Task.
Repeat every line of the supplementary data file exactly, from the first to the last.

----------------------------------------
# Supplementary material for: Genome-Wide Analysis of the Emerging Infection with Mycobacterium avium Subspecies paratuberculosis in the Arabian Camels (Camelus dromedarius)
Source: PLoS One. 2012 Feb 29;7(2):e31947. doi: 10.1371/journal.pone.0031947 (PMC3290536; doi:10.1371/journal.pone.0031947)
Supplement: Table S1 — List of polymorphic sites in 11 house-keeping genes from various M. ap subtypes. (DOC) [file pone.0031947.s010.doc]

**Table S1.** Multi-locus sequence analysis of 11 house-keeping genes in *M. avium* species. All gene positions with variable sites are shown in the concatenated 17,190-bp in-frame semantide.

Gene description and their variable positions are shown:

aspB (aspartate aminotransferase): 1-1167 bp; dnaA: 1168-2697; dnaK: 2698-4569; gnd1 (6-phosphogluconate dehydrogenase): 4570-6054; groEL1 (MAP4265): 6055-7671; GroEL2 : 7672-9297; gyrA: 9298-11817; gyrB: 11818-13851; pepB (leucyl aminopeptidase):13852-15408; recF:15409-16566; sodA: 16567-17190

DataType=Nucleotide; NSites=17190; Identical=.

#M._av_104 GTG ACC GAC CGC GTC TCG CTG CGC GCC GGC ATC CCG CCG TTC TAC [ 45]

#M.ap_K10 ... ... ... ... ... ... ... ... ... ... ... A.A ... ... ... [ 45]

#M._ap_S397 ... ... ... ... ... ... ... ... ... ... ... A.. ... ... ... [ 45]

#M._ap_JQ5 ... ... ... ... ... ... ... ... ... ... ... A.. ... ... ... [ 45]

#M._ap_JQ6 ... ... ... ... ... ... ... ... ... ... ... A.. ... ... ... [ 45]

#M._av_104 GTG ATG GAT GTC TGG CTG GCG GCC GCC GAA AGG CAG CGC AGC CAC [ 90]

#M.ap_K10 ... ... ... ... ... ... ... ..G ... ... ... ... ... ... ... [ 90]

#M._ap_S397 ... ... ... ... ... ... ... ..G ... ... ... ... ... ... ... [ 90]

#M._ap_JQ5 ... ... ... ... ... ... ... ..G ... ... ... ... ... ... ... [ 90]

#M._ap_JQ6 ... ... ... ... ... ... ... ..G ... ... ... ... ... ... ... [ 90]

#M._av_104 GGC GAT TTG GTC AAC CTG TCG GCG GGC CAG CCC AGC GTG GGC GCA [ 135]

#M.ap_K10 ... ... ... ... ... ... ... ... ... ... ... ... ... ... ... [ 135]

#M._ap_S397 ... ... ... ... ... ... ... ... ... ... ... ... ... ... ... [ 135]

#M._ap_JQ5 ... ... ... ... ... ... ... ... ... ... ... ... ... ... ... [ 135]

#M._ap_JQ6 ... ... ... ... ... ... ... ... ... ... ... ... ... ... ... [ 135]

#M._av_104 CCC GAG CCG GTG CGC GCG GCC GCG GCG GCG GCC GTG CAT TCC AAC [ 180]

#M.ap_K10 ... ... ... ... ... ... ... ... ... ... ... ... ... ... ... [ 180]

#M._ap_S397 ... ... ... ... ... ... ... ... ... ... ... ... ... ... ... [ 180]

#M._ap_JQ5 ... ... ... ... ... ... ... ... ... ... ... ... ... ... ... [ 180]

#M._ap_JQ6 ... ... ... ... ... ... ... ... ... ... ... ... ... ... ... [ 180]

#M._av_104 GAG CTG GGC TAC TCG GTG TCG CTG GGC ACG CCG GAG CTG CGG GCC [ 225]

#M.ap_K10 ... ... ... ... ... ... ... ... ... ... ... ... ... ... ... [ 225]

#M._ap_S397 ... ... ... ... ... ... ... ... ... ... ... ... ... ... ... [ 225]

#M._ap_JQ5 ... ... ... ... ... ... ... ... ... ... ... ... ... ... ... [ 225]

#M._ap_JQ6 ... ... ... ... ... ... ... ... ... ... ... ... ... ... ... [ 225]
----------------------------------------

# Supplementary material for: Genome-Wide Analysis of the Emerging Infection with Mycobacterium avium Subspecies paratuberculosis in the Arabian Camels (Camelus dromedarius)
Source: PLoS One. 2012 Feb 29;7(2):e31947. doi: 10.1371/journal.pone.0031947 (PMC3290536; doi:10.1371/journal.pone.0031947)
Supplement: Table S1 — List of polymorphic sites in 11 house-keeping genes from various M. ap subtypes. (DOC) [file pone.0031947.s010.doc]

**Table S1.** Multi-locus sequence analysis of 11 house-keeping genes in *M. avium* species. All gene positions with variable sites are shown in the concatenated 17,190-bp in-frame semantide.

Gene description and their variable positions are shown:

aspB (aspartate aminotransferase): 1-1167 bp; dnaA: 1168-2697; dnaK: 2698-4569; gnd1 (6-phosphogluconate dehydrogenase): 4570-6054; groEL1 (MAP4265): 6055-7671; GroEL2 : 7672-9297; gyrA: 9298-11817; gyrB: 11818-13851; pepB (leucyl aminopeptidase):13852-15408; recF:15409-16566; sodA: 16567-17190

DataType=Nucleotide; NSites=17190; Identical=.

#M._av_104 GTG ACC GAC CGC GTC TCG CTG CGC GCC GGC ATC CCG CCG TTC TAC [ 45]

#M.ap_K10 ... ... ... ... ... ... ... ... ... ... ... A.A ... ... ... [ 45]

#M._ap_S397 ... ... ... ... ... ... ... ... ... ... ... A.. ... ... ... [ 45]

#M._ap_JQ5 ... ... ... ... ... ... ... ... ... ... ... A.. ... ... ... [ 45]

#M._ap_JQ6 ... ... ... ... ... ... ... ... ... ... ... A.. ... ... ... [ 45]

#M._av_104 GTG ATG GAT GTC TGG CTG GCG GCC GCC GAA AGG CAG CGC AGC CAC [ 90]

#M.ap_K10 ... ... ... ... ... ... ... ..G ... ... ... ... ... ... ... [ 90]

#M._ap_S397 ... ... ... ... ... ... ... ..G ... ... ... ... ... ... ... [ 90]

#M._ap_JQ5 ... ... ... ... ... ... ... ..G ... ... ... ... ... ... ... [ 90]

#M._ap_JQ6 ... ... ... ... ... ... ... ..G ... ... ... ... ... ... ... [ 90]

#M._av_104 GGC GAT TTG GTC AAC CTG TCG GCG GGC CAG CCC AGC GTG GGC GCA [ 135]

#M.ap_K10 ... ... ... ... ... ... ... ... ... ... ... ... ... ... ... [ 135]

#M._ap_S397 ... ... ... ... ... ... ... ... ... ... ... ... ... ... ... [ 135]

#M._ap_JQ5 ... ... ... ... ... ... ... ... ... ... ... ... ... ... ... [ 135]

#M._ap_JQ6 ... ... ... ... ... ... ... ... ... ... ... ... ... ... ... [ 135]

#M._av_104 CCC GAG CCG GTG CGC GCG GCC GCG GCG GCG GCC GTG CAT TCC AAC [ 180]

#M.ap_K10 ... ... ... ... ... ... ... ... ... ... ... ... ... ... ... [ 180]

#M._ap_S397 ... ... ... ... ... ... ... ... ... ... ... ... ... ... ... [ 180]

#M._ap_JQ5 ... ... ... ... ... ... ... ... ... ... ... ... ... ... ... [ 180]

#M._ap_JQ6 ... ... ... ... ... ... ... ... ... ... ... ... ... ... ... [ 180]

#M._av_104 GAG CTG GGC TAC TCG GTG TCG CTG GGC ACG CCG GAG CTG CGG GCC [ 225]

#M.ap_K10 ... ... ... ... ... ... ... ... ... ... ... ... ... ... ... [ 225]

#M._ap_S397 ... ... ... ... ... ... ... ... ... ... ... ... ... ... ... [ 225]

#M._ap_JQ5 ... ... ... ... ... ... ... ... ... ... ... ... ... ... ... [ 225]

#M._ap_JQ6 ... ... ... ... ... ... ... ... ... ... ... ... ... ... ... [ 225]